Why Drinking Can Make You Feel Extra Anxious Over the Holidays

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By Julia Ries | Healthline

  • Alcohol activates the GABA system causing us to feel less anxious and relaxed. If you stop drinking, your GABA system is still overcompensating and gets mixed up, leading to a spike in anxiety.
  • Drinking can also impact your ability to get REM sleep, which can affect mood.
  • Alcohol can help trigger a chemical that impacts the “flight or flight” response leading to anxiety

For many people, drinking and the holidays go hand in hand.

Between the work parties, festive get-togethers, and influx of family members, there are plenty of opportunities to get caught up in a whirlwind of drinking.

In fact, the stretch before Christmas leading through New Year's Day accounts for more binge drinking episodes than any other point in the year, according to the American Addiction Centers.

And all the alcohol-infused cheer going around often comes with a painful aftershock.

Yes, there are the standard hangover symptoms — pounding headaches, bouts of nausea, and an uncompromisable need for total silence — but many people also experience heightened levels of anxiety, a term the internet has dubbed “hangxiety.”

So, in light of the upcoming holidays — and, therefore, all the champagne and spiked eggnog you're about to serve up — we wanted to get to the bottom of why drinking can give us more anxiety in the days that follow.

It Messes With Our GABA System

The mood fluctuations we feel after a couple of days or even a night of excessive drinking can be traced back to gamma aminobutyric acid (GABA), an inhibitory neurotransmitter in the brain.

Alcohol activates the GABA system (which, remember, is inhibitory), causing us to feel less anxious and relaxed (if you drink, you know the feeling).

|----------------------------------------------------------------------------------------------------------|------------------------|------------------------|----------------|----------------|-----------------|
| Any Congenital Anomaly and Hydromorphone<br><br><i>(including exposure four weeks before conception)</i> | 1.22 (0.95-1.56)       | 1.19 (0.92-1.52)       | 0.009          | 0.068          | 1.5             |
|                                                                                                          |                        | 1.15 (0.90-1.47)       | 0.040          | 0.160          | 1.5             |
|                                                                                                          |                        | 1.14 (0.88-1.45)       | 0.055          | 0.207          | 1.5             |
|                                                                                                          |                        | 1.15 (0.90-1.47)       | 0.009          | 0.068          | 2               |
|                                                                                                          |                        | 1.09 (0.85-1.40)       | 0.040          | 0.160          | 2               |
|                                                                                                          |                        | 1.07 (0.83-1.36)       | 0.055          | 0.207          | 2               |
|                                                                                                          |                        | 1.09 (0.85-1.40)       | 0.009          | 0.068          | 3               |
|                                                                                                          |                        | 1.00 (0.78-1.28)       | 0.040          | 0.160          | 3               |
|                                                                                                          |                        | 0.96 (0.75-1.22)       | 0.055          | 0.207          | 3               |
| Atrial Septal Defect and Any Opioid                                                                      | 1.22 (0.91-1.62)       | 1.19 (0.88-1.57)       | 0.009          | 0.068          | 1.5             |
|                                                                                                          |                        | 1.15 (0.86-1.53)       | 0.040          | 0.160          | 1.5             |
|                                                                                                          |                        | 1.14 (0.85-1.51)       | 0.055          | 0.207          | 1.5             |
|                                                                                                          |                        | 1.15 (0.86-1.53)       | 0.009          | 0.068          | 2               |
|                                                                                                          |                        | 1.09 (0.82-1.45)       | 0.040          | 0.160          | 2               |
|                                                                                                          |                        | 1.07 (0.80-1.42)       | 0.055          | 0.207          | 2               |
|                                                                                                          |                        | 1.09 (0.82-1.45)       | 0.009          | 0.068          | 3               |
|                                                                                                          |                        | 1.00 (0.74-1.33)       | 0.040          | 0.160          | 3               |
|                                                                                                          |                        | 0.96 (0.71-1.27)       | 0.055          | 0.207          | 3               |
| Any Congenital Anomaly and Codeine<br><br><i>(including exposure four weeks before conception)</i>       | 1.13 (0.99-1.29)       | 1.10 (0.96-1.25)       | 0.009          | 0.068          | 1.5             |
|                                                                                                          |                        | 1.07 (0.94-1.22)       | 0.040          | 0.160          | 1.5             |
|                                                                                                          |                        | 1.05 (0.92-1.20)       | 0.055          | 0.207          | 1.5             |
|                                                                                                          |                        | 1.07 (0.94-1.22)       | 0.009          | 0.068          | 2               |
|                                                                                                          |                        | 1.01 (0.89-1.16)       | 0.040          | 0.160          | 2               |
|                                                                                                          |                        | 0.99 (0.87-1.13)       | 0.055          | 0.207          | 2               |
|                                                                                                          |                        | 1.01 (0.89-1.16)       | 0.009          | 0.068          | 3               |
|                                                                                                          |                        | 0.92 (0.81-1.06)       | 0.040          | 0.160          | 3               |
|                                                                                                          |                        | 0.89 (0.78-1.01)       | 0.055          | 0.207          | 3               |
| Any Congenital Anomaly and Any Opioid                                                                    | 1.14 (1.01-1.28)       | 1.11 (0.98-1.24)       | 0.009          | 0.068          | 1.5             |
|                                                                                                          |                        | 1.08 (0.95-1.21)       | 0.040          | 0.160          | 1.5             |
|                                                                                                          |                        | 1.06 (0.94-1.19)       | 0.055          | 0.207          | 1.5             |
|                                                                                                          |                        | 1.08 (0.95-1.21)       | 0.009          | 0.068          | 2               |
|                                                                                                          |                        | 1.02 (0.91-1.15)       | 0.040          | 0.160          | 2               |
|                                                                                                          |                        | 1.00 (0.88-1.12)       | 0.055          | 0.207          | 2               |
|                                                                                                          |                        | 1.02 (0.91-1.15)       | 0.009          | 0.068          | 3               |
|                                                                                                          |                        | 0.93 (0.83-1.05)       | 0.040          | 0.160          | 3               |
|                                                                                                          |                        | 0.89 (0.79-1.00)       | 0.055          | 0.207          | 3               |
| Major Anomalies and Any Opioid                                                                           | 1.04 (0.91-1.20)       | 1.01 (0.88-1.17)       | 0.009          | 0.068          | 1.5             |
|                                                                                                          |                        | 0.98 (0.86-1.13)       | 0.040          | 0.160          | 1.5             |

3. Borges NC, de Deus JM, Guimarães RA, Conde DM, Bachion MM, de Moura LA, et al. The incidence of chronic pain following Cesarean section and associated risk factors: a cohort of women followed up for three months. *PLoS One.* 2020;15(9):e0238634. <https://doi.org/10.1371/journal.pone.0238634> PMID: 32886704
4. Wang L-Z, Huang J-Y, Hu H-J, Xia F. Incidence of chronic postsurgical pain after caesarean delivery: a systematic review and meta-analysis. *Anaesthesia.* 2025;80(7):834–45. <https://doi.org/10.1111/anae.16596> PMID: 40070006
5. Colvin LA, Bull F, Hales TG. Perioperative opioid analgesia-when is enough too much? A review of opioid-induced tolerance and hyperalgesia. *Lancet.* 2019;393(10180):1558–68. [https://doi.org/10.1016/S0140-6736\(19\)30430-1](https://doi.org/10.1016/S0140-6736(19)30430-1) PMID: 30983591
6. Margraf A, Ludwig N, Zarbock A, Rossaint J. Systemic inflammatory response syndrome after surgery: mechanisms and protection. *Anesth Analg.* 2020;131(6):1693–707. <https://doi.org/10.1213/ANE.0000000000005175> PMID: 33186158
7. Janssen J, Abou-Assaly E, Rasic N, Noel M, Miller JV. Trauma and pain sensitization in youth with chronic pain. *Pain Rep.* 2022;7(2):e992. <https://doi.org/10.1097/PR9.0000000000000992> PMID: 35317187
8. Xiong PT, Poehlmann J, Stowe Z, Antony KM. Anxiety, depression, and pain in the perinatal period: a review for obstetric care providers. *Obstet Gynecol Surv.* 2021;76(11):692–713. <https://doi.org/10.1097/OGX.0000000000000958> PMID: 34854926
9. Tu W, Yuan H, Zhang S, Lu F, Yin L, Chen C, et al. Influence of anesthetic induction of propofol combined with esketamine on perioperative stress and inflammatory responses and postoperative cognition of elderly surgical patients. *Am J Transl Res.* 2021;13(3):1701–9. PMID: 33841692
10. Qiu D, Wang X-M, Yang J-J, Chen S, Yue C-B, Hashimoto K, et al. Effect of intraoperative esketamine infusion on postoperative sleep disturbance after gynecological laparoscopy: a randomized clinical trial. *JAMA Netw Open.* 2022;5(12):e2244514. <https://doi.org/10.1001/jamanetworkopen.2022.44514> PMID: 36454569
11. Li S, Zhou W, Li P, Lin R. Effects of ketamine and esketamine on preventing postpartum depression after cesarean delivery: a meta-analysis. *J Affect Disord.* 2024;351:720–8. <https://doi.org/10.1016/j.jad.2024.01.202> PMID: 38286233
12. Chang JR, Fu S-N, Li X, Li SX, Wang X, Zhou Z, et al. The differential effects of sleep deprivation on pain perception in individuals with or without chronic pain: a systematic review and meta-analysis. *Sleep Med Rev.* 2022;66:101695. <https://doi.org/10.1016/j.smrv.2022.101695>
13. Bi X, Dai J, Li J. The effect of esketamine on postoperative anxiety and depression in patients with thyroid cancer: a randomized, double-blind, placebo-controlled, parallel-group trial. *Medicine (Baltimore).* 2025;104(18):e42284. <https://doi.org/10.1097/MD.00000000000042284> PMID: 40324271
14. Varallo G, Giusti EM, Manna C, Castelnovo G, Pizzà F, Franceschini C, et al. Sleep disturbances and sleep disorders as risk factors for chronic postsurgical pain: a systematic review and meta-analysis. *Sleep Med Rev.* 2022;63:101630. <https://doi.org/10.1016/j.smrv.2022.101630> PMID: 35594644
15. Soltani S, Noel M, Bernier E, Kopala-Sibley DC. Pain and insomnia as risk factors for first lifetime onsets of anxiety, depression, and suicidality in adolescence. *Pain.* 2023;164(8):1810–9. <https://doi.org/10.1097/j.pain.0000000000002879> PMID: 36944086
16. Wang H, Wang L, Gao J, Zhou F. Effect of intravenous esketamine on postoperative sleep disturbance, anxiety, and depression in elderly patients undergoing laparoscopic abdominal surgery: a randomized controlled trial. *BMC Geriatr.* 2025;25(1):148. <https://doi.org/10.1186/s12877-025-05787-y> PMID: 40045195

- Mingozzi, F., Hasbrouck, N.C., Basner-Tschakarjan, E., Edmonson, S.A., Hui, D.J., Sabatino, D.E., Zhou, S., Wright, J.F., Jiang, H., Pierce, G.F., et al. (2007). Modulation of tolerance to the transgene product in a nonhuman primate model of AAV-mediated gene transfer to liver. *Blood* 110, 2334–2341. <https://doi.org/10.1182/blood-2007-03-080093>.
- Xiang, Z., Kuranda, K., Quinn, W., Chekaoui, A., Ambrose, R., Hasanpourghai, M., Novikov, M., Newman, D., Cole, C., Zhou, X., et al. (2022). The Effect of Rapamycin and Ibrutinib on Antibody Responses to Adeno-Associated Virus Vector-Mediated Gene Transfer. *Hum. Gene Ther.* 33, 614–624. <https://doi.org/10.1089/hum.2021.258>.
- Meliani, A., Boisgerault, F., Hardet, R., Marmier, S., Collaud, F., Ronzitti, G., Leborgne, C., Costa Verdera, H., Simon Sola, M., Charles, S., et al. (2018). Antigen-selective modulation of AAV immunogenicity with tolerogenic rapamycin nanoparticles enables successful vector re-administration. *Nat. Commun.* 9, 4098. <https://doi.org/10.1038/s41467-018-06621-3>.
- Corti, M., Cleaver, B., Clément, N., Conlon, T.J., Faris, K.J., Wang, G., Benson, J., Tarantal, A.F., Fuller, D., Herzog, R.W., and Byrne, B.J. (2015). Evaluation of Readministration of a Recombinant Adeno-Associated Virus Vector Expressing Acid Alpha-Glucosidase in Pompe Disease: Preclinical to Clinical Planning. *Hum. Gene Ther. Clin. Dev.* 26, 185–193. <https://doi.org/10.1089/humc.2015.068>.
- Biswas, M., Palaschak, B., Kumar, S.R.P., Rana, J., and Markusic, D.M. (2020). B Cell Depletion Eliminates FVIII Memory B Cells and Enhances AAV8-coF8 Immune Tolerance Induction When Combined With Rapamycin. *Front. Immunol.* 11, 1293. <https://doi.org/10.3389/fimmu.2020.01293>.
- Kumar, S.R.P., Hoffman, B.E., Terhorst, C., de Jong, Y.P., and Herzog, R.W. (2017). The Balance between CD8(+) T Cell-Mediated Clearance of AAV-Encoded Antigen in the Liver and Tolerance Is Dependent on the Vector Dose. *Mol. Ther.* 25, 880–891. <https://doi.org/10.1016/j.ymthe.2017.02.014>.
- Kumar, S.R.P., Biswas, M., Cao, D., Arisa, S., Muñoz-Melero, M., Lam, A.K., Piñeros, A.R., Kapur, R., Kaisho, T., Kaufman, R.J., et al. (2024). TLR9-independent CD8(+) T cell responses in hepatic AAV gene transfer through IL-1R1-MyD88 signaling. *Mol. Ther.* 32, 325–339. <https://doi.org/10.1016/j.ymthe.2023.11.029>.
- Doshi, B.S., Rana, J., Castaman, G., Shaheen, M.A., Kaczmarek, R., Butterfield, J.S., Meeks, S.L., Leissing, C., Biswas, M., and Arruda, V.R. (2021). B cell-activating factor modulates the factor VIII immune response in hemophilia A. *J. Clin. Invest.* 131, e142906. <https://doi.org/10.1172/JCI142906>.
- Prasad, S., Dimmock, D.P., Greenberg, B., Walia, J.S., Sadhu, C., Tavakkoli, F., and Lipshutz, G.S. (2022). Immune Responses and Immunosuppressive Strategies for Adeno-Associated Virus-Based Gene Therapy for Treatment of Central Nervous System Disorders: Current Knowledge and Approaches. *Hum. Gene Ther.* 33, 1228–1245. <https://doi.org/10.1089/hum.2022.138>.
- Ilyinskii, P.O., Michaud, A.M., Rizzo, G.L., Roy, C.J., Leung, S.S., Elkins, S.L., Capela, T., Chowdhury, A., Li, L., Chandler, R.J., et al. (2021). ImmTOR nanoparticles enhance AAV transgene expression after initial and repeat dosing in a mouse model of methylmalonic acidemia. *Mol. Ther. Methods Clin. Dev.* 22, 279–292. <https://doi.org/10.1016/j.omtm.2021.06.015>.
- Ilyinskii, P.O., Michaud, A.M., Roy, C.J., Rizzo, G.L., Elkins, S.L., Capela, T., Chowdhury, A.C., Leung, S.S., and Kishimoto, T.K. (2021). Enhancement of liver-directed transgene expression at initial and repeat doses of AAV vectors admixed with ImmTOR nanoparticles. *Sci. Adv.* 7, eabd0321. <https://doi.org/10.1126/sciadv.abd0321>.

“By activating an inhibitory neuron, [alcohol] makes you uncoordinated, it makes you disinhibited — so you're a little more talkative — and that happens immediately,” said Dr. Stephen Holt, a Yale Medicine addiction medicine doctor.

However, if you drink multiple days in a row, and therefore activate the GABA system for an extended period of time, the GABA system starts to cool itself down.

“Your brain starts to say, ‘Oh! There's this whole new thing in our brain now, we should make some changes,'” Holt said.

When you eventually stop drinking, your GABA system is still overcompensating and gets mixed up, leading to a spike in anxiety.

“When you take alcohol out of the system — it's four days of binge drinking and now you're not drinking alcohol — that [GABA] system is now revved up in such a way that you start to feel anxious if you don't have alcohol in your system,” Holt said.

On top of that, alcohol releases a surge of endorphins — our bodies' natural opiate — which gives us a feel-good buzz.

When we drink for days in a row, our brain starts to expect this pleasurable substance all the time. And, without it, we can start to feel a bit blue.

“We use the term dysphoria, which is kind of the opposite of euphoria,” said Holt. “It's just this feeling of emptiness and feeling a little hollow — there's just something missing — because that alcohol was providing this pleasurable, reinforcing effect.”

Alcohol Can Also Be Stimulating

Alcohol can also be stimulating, according to Dr. John Krystal, the chair of the department of psychiatry at Yale Medicine.

Some people may find that a glass of wine or beer will cause them to feel more stimulated. Krystal says this may be due to alcohol's ability to increase norepinephrine levels in the body, which is a chemical involved in our body's “fight or flight” response to fear or stress.

 

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